Terri, California

As a soccer coach (two youth teams and a JV high school team), I do believe there is a crisis. It is frustrating going against a win-at-all-costs coach who only plays their top kids more than the minimum required play, and who de-emphasizes fun. I put a lot of effort into studying my sport and in teaching age-appropriate skills, and I don't deal well with coaches who don't.
Keith, Sebring, Fla.

I played sports all my life, Little League through college. I had tough coaches and weak coaches. The best coach to have is the one who cares. There is a fine line between caring and pushing. I believe coaches should be evaluated at multiple times throughout the season ... I have kids now and the first thing they learn about sports is the fun ... I think every child should have the right to experience the fun in the team games ... The fun I had with my teammates on and off the field still holds dear to me. Any coach taking that away is not a coach.
Nick, Connecticut

I find it funny that the same people who are concerned about the children wanting to build self-esteem, sportsmanship and character are the same people who are too busy to actually coach youth sports. They then find fault with the people who step up to help. I'm not saying that all youth coaches are doing a great job, I'm just saying that at least they are trying and going in with the best of intentions. Every year sports leagues around the country are forced to scramble for coaches because not enough parents volunteer. Let's try to help those who volunteer and not just criticize them.
Paul, Chicago

There should be rules at all levels in youth sports that all players get to play at least 33 percent of the time to 50 percent of the time in all youth sports, no matter what the skill level. AND remember coaches, it is just for fun. Fun for the kids playing and just doing their best, no matter what the outcome, and fun (for the coach) in seeing them change year to year and getting better.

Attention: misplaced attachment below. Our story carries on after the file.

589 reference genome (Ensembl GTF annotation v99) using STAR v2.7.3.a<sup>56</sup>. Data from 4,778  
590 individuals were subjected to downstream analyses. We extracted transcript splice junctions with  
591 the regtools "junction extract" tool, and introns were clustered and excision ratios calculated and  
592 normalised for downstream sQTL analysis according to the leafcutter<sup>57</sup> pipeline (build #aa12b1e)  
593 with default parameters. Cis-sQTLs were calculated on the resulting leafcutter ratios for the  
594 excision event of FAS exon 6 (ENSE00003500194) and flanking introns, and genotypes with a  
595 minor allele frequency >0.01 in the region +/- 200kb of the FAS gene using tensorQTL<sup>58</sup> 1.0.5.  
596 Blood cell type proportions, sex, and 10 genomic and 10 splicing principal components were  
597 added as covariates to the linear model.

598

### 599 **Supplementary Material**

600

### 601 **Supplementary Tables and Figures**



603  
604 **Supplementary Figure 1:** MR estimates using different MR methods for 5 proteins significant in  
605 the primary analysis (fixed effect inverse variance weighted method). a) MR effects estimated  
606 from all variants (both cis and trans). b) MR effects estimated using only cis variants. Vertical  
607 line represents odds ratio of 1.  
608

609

When a league changes its emphasis from recreational to competitive, the dynamics of the league changes. It then becomes an ego trip for the adults instead of a positive experience for the young athletes. Whatever happened to playing for fun?
HMJ, Findlay, Ohio

As a parent of an 8-year-old boy playing both flag football and almost year-round baseball, I have seen the good and the bad of competitive youth sports. My son as a 6-year-old old was able to play on a T-ball team that reached the state tournament (that in itself might seem disturbing). That is when the win-at-all-cost mentality of one of my fellow coaches kicked in. (When he was) thrown out of an early-round game and berating his players and fellow coaches because we were eliminated from the championship game, I realized that something was terribly wrong with what I was putting my son through. Needless to say, we left the team after the tournament and found a coach who understands that youth sports should be a marathon and not a sprint. The stress that some of these youngsters are put through to win guarantees that most will not continue to play into their high school years, where teamwork, dedication, work ethic are allowed to grow. My son is still a very good player for his age group and absolutely loves being a part of a team. When asked what he thinks is the most important aspect of playing baseball or football he always states being a good teammate.
Anonymous, Texas

As a volunteer youth soccer coach for 3+ years in Delaware, Ohio, I have NOT experienced nearly the amount of abusive coaches and parents that the media report. Yes, there are coaches who yell and scream in non-constructive ways, but the majority are fairly easy-going coaches who support all of the kids ... Our league does not tolerate abuse of players, or abuse by parents to coaches.
Anonymous, Ohio

I'm a youth volleyball player and for us youth most of us like hard coaches because 90 percent of us are playing to get scholarships and the harder they push the better chance we have. I like mean coaches because most likely you win and that's more fun than just having fun!
Kelsey, North Carolina